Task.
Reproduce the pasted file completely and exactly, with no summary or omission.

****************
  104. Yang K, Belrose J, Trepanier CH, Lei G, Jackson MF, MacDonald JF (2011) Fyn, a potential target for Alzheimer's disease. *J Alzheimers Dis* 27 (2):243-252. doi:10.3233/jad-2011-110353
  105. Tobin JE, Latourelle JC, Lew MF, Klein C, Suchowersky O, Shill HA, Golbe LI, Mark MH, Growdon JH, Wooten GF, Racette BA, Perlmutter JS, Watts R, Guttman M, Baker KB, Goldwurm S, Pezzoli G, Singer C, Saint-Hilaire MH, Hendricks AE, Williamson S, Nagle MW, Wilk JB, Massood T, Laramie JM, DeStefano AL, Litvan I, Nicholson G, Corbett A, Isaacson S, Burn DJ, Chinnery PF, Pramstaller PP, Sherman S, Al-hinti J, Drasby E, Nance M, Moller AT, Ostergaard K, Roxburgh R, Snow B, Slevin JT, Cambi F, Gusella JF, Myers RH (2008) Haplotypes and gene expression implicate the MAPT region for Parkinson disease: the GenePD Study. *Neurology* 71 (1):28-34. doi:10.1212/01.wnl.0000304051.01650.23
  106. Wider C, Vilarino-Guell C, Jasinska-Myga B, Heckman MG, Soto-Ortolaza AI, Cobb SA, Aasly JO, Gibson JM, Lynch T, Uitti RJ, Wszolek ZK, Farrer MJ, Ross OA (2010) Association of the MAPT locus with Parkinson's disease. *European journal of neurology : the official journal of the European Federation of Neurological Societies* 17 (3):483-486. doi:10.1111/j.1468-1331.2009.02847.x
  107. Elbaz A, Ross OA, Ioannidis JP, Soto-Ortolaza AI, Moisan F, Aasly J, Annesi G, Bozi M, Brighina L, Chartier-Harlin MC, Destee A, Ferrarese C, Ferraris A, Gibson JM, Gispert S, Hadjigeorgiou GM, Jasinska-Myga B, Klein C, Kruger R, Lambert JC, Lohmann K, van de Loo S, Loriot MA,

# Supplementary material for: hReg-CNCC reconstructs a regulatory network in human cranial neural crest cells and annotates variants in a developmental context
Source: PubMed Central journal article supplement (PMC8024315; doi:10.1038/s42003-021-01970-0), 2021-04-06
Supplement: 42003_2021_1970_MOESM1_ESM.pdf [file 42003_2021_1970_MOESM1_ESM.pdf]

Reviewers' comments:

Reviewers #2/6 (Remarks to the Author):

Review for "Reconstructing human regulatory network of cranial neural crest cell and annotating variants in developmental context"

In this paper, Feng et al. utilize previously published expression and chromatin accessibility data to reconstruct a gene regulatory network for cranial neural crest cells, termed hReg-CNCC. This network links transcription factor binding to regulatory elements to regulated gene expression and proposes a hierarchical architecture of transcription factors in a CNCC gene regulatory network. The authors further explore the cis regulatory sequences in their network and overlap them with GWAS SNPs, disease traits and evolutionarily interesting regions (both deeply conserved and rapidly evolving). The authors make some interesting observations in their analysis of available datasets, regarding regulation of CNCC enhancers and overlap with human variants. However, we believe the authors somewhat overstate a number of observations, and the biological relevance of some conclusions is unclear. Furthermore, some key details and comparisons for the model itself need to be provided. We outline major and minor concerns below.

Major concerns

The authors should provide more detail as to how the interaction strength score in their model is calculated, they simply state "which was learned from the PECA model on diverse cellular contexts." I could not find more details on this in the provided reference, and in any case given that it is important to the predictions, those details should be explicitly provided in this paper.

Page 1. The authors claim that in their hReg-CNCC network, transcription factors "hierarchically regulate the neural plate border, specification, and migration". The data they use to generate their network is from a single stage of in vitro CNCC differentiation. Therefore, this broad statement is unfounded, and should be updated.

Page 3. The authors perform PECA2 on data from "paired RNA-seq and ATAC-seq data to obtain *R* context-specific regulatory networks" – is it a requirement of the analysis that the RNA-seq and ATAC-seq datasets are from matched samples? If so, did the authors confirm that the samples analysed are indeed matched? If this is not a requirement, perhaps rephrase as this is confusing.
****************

  104. Yang K, Belrose J, Trepanier CH, Lei G, Jackson MF, MacDonald JF (2011) Fyn, a potential target for Alzheimer's disease. *J Alzheimers Dis* 27 (2):243-252. doi:10.3233/jad-2011-110353
  105. Tobin JE, Latourelle JC, Lew MF, Klein C, Suchowersky O, Shill HA, Golbe LI, Mark MH, Growdon JH, Wooten GF, Racette BA, Perlmutter JS, Watts R, Guttman M, Baker KB, Goldwurm S, Pezzoli G, Singer C, Saint-Hilaire MH, Hendricks AE, Williamson S, Nagle MW, Wilk JB, Massood T, Laramie JM, DeStefano AL, Litvan I, Nicholson G, Corbett A, Isaacson S, Burn DJ, Chinnery PF, Pramstaller PP, Sherman S, Al-hinti J, Drasby E, Nance M, Moller AT, Ostergaard K, Roxburgh R, Snow B, Slevin JT, Cambi F, Gusella JF, Myers RH (2008) Haplotypes and gene expression implicate the MAPT region for Parkinson disease: the GenePD Study. *Neurology* 71 (1):28-34. doi:10.1212/01.wnl.0000304051.01650.23
  106. Wider C, Vilarino-Guell C, Jasinska-Myga B, Heckman MG, Soto-Ortolaza AI, Cobb SA, Aasly JO, Gibson JM, Lynch T, Uitti RJ, Wszolek ZK, Farrer MJ, Ross OA (2010) Association of the MAPT locus with Parkinson's disease. *European journal of neurology : the official journal of the European Federation of Neurological Societies* 17 (3):483-486. doi:10.1111/j.1468-1331.2009.02847.x
  107. Elbaz A, Ross OA, Ioannidis JP, Soto-Ortolaza AI, Moisan F, Aasly J, Annesi G, Bozi M, Brighina L, Chartier-Harlin MC, Destee A, Ferrarese C, Ferraris A, Gibson JM, Gispert S, Hadjigeorgiou GM, Jasinska-Myga B, Klein C, Kruger R, Lambert JC, Lohmann K, van de Loo S, Loriot MA,

# Supplementary material for: hReg-CNCC reconstructs a regulatory network in human cranial neural crest cells and annotates variants in a developmental context
Source: PubMed Central journal article supplement (PMC8024315; doi:10.1038/s42003-021-01970-0), 2021-04-06
Supplement: 42003_2021_1970_MOESM1_ESM.pdf [file 42003_2021_1970_MOESM1_ESM.pdf]

Reviewers' comments:

Reviewers #2/6 (Remarks to the Author):

Review for "Reconstructing human regulatory network of cranial neural crest cell and annotating variants in developmental context"

In this paper, Feng et al. utilize previously published expression and chromatin accessibility data to reconstruct a gene regulatory network for cranial neural crest cells, termed hReg-CNCC. This network links transcription factor binding to regulatory elements to regulated gene expression and proposes a hierarchical architecture of transcription factors in a CNCC gene regulatory network. The authors further explore the cis regulatory sequences in their network and overlap them with GWAS SNPs, disease traits and evolutionarily interesting regions (both deeply conserved and rapidly evolving). The authors make some interesting observations in their analysis of available datasets, regarding regulation of CNCC enhancers and overlap with human variants. However, we believe the authors somewhat overstate a number of observations, and the biological relevance of some conclusions is unclear. Furthermore, some key details and comparisons for the model itself need to be provided. We outline major and minor concerns below.

Major concerns

The authors should provide more detail as to how the interaction strength score in their model is calculated, they simply state "which was learned from the PECA model on diverse cellular contexts." I could not find more details on this in the provided reference, and in any case given that it is important to the predictions, those details should be explicitly provided in this paper.

Page 1. The authors claim that in their hReg-CNCC network, transcription factors "hierarchically regulate the neural plate border, specification, and migration". The data they use to generate their network is from a single stage of in vitro CNCC differentiation. Therefore, this broad statement is unfounded, and should be updated.

Page 3. The authors perform PECA2 on data from "paired RNA-seq and ATAC-seq data to obtain *R* context-specific regulatory networks" – is it a requirement of the analysis that the RNA-seq and ATAC-seq datasets are from matched samples? If so, did the authors confirm that the samples analysed are indeed matched? If this is not a requirement, perhaps rephrase as this is confusing.